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scopic lenses of the same pattern. In this way the eye is enabled to form the most rapid and exact conclusions. If the "great elm" and the Cowthorpe oak, if the State-House and St. Peter's, were taken on the same scale, and looked at with the same magnifying power, we should compare them without the possibility of being misled by those partialities which might tend to make us overrate the indigenous vegetable and the dome of our native Michel Angelo.

The next European war will send us stereographs of battles. It is asserted that a bursting shell can be photographed. The time is perhaps at hand when a flash of light, as sudden and brief as that of the lightning which shows a whirling wheel standing stock still, shall preserve the very instant of the shock of contact of the mighty armies that are even now gathering. The lightning from heaven does actually photograph natural objects on the bodies of those it has just blasted,

SO we are told by many witnesses. The lightning of clashing sabres and bayonets may

be forced to stereotype itself in a stillness as complete as that of the tumbling tide of Niagara as we see it self-pictured.

We should be led on too far, if we developed our belief as to the transformations to be wrought by this greatest of human triumphs over earthly conditions, the divorce of form and substance. Let our readers fill out a blank check on the future as they like,we give our indorsement to their imaginations beforehand. We are looking into stereoscopes as pretty toys, and wondering over the photograph as a charming novelty; but before another generation has passed away, it will be recognized that a new epoch in the history of human progress dates from the time when. He who

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took a pencil of fire from the "angel standing in the sun," and placed it in the hands of a mortal.

SUN-PAINTING AND SUN-SCULPTURE;

WITH A STEREOSCOPIC TRIP ACROSS THE ATLANTIC.

`HERE is one old fable which Lord Bacon,

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in his "Wisdom of the Ancients," has not interpreted. This is the flaying of Marsyas by Apollo. Everybody remembers the accepted version of it, namely, — that the young shepherd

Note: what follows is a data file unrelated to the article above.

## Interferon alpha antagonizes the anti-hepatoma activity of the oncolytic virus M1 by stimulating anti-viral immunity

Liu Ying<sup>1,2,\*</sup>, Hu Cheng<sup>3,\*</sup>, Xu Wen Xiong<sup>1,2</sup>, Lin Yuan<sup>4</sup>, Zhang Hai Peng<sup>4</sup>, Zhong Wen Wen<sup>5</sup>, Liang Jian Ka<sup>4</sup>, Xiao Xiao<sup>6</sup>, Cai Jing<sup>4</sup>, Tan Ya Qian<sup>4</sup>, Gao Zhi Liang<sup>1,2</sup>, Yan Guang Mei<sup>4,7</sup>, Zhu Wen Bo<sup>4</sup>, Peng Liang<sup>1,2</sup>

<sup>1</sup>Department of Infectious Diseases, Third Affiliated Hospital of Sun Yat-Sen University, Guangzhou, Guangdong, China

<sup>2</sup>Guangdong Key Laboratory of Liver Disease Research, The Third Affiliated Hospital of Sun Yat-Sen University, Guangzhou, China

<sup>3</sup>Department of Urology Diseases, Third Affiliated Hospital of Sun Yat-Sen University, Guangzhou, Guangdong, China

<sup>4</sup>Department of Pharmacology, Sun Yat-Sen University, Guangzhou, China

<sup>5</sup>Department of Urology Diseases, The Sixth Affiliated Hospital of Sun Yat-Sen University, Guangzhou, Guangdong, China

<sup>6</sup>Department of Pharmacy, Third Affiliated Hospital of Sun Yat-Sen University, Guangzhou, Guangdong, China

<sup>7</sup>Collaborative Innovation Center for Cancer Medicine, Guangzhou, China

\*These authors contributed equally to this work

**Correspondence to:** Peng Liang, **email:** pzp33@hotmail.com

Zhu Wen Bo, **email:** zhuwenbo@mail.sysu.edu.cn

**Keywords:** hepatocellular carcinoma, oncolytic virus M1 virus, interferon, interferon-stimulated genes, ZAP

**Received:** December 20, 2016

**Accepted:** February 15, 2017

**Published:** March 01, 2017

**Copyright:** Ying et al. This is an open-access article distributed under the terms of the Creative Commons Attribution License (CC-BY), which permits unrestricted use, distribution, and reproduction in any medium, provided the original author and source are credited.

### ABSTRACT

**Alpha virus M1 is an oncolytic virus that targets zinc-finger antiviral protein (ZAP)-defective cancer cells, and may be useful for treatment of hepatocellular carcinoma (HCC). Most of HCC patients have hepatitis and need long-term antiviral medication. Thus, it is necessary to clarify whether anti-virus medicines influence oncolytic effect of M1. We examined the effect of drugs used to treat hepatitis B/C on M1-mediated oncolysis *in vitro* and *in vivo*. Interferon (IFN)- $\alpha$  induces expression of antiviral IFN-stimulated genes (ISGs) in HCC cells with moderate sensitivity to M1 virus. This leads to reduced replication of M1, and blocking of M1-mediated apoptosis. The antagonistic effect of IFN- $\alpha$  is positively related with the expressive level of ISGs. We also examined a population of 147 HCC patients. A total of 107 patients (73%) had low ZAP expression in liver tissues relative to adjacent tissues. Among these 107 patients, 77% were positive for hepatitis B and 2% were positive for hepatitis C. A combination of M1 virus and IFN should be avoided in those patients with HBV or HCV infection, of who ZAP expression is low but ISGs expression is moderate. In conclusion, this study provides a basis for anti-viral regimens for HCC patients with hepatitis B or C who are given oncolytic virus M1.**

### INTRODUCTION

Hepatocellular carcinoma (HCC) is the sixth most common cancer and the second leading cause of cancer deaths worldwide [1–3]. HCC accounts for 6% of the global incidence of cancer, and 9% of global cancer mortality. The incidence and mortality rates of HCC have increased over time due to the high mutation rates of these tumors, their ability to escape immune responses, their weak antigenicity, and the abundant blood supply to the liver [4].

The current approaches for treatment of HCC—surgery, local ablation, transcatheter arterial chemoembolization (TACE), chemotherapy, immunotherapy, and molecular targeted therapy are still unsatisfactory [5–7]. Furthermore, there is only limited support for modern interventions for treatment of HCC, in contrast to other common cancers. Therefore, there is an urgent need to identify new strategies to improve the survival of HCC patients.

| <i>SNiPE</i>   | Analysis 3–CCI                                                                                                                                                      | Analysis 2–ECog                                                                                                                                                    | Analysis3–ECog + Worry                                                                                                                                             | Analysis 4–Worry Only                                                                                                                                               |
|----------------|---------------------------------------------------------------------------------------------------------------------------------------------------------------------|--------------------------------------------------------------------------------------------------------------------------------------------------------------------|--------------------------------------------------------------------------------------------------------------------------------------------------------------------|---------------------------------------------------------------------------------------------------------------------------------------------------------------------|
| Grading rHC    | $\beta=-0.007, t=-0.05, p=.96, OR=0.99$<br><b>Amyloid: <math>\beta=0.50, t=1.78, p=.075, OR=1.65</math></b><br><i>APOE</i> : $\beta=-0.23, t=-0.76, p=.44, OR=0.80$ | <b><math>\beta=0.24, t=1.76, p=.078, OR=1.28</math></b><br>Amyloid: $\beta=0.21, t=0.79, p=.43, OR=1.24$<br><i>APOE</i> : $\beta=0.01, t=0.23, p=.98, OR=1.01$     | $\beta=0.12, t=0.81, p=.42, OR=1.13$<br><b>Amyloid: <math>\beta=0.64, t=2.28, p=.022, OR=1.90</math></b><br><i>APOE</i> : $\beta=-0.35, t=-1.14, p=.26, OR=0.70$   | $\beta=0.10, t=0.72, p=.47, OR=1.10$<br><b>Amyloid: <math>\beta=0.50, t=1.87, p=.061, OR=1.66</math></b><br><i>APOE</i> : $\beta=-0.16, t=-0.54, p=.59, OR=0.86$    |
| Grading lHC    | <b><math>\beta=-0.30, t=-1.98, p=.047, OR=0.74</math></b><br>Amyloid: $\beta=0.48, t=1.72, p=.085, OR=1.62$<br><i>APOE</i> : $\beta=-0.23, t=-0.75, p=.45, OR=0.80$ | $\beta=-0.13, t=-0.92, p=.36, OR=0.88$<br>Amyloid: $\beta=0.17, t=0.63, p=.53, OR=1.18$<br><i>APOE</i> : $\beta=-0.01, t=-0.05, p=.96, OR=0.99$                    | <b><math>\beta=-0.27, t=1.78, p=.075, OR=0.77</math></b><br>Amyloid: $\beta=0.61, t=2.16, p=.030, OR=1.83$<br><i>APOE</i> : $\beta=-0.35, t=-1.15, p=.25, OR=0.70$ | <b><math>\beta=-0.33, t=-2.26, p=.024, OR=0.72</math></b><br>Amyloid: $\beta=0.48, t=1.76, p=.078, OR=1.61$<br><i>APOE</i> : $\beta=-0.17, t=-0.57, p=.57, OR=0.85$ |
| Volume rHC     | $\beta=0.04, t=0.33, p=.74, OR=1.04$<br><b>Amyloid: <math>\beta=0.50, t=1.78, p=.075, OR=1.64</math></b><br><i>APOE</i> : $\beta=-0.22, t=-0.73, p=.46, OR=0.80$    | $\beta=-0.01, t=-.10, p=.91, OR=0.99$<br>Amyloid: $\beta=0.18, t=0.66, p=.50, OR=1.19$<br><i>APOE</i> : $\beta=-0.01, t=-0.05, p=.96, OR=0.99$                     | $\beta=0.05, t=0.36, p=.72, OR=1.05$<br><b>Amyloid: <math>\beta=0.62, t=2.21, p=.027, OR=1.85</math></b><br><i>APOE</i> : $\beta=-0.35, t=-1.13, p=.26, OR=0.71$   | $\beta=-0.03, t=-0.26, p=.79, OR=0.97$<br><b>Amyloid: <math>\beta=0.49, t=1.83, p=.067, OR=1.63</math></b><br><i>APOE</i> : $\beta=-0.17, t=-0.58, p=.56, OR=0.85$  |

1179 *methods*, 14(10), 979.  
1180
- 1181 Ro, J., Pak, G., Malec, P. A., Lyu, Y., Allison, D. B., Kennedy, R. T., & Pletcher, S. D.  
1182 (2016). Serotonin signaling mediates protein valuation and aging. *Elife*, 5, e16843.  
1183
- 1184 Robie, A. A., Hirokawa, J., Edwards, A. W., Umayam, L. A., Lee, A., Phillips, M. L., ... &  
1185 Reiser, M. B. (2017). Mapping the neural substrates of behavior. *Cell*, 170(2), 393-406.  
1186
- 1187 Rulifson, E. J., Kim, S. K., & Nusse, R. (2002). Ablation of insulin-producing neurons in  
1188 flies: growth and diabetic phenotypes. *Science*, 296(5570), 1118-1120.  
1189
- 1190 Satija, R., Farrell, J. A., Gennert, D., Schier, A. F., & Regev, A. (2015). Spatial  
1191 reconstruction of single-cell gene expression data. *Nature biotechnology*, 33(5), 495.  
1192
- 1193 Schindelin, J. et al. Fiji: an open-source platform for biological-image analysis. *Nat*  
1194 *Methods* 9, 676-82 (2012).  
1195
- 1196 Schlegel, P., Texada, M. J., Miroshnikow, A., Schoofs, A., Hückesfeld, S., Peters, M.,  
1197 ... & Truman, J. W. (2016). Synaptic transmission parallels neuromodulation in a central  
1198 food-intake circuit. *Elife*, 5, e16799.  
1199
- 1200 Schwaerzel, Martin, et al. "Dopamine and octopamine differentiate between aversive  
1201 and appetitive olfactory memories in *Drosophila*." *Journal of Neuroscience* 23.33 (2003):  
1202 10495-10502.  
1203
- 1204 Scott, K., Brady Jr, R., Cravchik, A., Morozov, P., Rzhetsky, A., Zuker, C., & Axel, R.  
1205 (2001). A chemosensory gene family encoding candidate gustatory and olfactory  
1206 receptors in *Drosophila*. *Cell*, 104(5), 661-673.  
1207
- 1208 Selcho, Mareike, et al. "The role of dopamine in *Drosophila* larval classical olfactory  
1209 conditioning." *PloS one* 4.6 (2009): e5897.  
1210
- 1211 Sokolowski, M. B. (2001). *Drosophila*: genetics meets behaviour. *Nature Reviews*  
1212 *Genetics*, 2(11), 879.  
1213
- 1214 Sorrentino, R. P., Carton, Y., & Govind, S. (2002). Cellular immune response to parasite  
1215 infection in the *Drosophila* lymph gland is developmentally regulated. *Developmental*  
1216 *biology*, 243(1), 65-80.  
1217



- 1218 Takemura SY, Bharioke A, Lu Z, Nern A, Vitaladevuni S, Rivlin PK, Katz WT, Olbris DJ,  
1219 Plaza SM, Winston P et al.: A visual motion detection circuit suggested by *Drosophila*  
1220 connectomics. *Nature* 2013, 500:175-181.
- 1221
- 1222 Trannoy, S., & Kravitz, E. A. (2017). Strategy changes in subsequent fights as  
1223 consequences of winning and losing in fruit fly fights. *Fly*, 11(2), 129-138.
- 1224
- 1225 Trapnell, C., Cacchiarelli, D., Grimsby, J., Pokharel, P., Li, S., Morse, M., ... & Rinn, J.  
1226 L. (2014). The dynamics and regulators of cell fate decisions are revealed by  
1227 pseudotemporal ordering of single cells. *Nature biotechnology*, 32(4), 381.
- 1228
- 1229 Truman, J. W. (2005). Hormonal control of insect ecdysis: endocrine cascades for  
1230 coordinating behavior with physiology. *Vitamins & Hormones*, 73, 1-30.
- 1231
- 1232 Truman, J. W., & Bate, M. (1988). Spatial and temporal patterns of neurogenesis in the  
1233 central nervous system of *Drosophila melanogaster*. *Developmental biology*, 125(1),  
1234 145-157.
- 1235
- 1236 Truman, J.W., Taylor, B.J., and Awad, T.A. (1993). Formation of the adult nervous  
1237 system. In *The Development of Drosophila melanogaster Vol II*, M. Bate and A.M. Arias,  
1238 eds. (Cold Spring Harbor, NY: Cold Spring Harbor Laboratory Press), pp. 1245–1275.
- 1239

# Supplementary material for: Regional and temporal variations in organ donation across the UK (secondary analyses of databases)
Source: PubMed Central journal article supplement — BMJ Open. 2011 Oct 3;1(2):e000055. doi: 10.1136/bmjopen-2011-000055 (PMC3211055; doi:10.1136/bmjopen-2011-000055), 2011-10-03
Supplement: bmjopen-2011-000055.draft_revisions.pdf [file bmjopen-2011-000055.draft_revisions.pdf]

found Minerva's flute, and was rash enough to enter into a musical contest with the God of

Music. He was vanquished, of course, — and the story is, that the victor fastened him to a tree and flayed him alive.

But the God of Song was also the God of Light, and a moment's reflection reveals the true significance of this seemingly barbarous story. Apollo was pleased with his young rival, fixed him in position against an iron rest, (the tree of the fable,) and took a photograph, a sun-picture, of him. This thin film

or skin of light and shade was absurdly interpreted as being the cutis, or untanned leather integument of the young shepherd. The human discovery of the art of photography enables us to rectify the error and restore that important article of clothing to the youth, as well as to vindicate the character of Apollo. There is one spot less upon the sun since the theft from heaven of Prometheus Daguerre and his fellowadventurers has enabled us to understand the ancient legend.

We are now flaying our friends and submitting to be flayed ourselves, every few years or months or days, by the aid of the trenchant sunbeam which performed the process for Marsyas. All the world has to submit to it, -kings and queens with the rest. The monuments of Art and the face of Nature herself are treated in the same way. We lift an impalpable scale from the surface of the Pyramids. We slip off from the dome of St. Peter's that other imponderable dome which fitted it so closely that it betrays every scratch on the original. We skim off a thin, dry cuticle from

the rapids of Niagara, and lay it on our unmoistened paper without breaking a bubble or losing a speck of foam. We steal a landscape from its lawful owners, and defy the charge of dishonesty. We skin the flints by the wayside, and nobody accuses us of meanness.

These miracles are being worked all around us so easily and so cheaply that most people have ceased to think of them as marvels. There is a photographer established in every considerable village, nay, one may not unfrequently see a photographic ambulance standing at the wayside upon some vacant lot where it can squat unchallenged in the midst of burdock and plantain and apple-Peru, or making a long halt in the middle of a common by special permission of the "Selectmen."

We must not forget the inestimable preciousness of the new Promethean gifts because they have become familiar. Think first of the privilege we all possess now of preserving the lineaments and looks of those dear to us.

"Blest be the art which can immortalize,"

said Cowper. But remember how few painted

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